International Women’s Day — acknowledging and celebrating women for more than 100 years

International Women’s Day — acknowledging and celebrating women for more than 100 years

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 March 8 marks International Women’s Day (IWD). It’s a day to recognize the achievement of women and the ongoing struggle for equality around the world.

The history of IWD is rooted in women’s fight for political, social and economic justice over more than a century. In some countries, like the United States and throughout the U.K, and Europe International Women’s Day is a day of protest. But it is also a day to celebrate the accomplishments of women and promote gender equality — IWD is more than just a social media hashtag.

IWD is a national holiday in dozens of countries throughout Europe, Africa, Asia and South America and is honored with rallies, events and celebrations. The United Nations, which organizes IWD internationally and is the day’s primary sponsor globally, says empowering women is a key part of its efforts to address the world’s social, economic and political challenges. The UN has encouraged even more countries around the world to embrace the holiday and its goal of celebrating “acts of courage and determination by ordinary women who have played an extraordinary role in the history of their countries and communities.”

Under the Obama administration, IWD was celebrated widely in the United States and noted with fanfare by the president.

In 2018, President Trump marked IWD by touting achievements for women under his administration, even though he rescinded the Equal Pay Rule established by Obama that required businesses to reveal gender-pay imbalances. That law was considered key to equalizing pay for women, who still make far less than men in the workplace for the same jobs. The United Nations notes, “Women still earn only 77 cents for every dollar men earn for the same work.”

The first National Women’s Day was celebrated on Feb. 28, 1909. According to the U.N., it was designated by the Socialist Party of America to honor women in the garment industry who went on strike in New York to protest working conditions. A year later, Socialist International established an International Women’s Day.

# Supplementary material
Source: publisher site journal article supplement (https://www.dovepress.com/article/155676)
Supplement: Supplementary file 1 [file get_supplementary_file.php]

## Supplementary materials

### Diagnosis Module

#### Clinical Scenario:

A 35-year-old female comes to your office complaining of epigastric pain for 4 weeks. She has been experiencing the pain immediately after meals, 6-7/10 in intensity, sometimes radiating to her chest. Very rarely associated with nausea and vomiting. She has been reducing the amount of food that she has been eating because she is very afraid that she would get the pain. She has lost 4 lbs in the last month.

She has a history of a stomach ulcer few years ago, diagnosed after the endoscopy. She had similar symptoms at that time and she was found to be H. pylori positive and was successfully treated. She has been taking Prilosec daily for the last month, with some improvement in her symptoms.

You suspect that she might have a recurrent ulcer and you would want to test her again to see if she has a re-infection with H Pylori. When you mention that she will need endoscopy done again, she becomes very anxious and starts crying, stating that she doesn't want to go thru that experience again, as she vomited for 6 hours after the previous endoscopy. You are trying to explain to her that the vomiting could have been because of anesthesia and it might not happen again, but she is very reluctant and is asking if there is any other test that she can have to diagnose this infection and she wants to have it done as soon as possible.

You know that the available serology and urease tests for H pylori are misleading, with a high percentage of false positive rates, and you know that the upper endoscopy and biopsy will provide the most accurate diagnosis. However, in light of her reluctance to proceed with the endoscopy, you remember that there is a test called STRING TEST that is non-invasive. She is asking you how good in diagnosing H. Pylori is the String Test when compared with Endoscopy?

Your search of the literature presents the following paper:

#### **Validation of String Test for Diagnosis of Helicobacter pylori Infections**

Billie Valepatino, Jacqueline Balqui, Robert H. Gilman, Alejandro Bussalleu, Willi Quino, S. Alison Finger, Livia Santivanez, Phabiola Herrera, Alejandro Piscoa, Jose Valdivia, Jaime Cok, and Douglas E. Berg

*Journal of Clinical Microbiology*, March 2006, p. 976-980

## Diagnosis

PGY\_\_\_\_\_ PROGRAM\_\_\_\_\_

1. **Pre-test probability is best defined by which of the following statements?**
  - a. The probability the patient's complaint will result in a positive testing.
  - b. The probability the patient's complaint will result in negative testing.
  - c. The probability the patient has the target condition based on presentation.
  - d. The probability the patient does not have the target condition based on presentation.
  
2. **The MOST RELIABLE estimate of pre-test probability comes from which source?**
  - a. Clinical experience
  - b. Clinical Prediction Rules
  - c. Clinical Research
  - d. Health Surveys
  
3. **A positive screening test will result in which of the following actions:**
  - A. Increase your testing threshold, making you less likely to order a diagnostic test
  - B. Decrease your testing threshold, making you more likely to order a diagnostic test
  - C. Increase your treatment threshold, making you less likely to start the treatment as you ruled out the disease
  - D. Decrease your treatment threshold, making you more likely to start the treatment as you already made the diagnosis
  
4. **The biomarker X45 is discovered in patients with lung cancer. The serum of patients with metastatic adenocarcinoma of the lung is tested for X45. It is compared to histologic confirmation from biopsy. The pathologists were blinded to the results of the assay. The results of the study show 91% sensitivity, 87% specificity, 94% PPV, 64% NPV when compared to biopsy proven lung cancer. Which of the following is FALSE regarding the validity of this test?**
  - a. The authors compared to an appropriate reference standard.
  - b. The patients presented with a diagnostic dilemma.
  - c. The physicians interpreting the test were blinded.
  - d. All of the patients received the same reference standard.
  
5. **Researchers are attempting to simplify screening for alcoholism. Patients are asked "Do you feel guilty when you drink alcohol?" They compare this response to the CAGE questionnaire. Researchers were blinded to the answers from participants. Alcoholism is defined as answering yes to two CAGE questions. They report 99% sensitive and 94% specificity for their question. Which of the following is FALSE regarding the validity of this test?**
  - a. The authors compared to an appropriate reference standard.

After the grisly Triangle Shirtwaist Factory fire in New York in 1911, in which 146 mostly immigrant women and girls burned to death and 71 others were badly injured, the day came to symbolize the need to organize women for equality in the workplace. In the United States, women workers protest conditions and pay differences every year.

Workplace discrimination has long been a focal point for protests on IWD. Lesbians and trans women face even more workplace discrimination than their heterosexual counterparts and there have been protests about this discrimination on IWD in the America and U.K.

In 2019, the U.N. has designated the message of IWD as “Better the balance, better the world” with #BalanceforBetter on social media. The focus of the U.N. for women in 2019 is reducing violence against women, which is on the rise everywhere, including the United States where women are murdered every day in domestic violence incidents and one in five women is a victim of rape.

At least 200 million women and girls alive today have undergone female genital mutilation.

Women account for just 24 percent of parliamentarians/elected office holders. More than 35 percent of women globally have experienced physical and/or sexual violence.”

VH1 is marking the celebration of all things female with the VH1 Trailblazer Honors, a one-hour special dedicated to some of today’s most respected politicians, entertainers, artists and activists. At the center of the big event will be four honorees: House Speaker Nancy Pelosi; Tarana Burke, #MeToo movement founder; black director Ava DuVernay; and Margaret Atwood, author of “The Handmaid’s Tale.” Cher will be presenting the award to Pelosi.

The special airs 9 p.m. March 8 on VH1 and Logo (and will repeat on both networks). It will also feature performances by Rita Ora and Elle King and appearances by Anita Hill, Mindy Kaling, Alyssa Milano and lesbian actress Samira Wiley.

There will be a day-long celebration of IWD on March 8 at the U.N. with women speakers from around the world and presentations about women’s achievements and global goals for the future.


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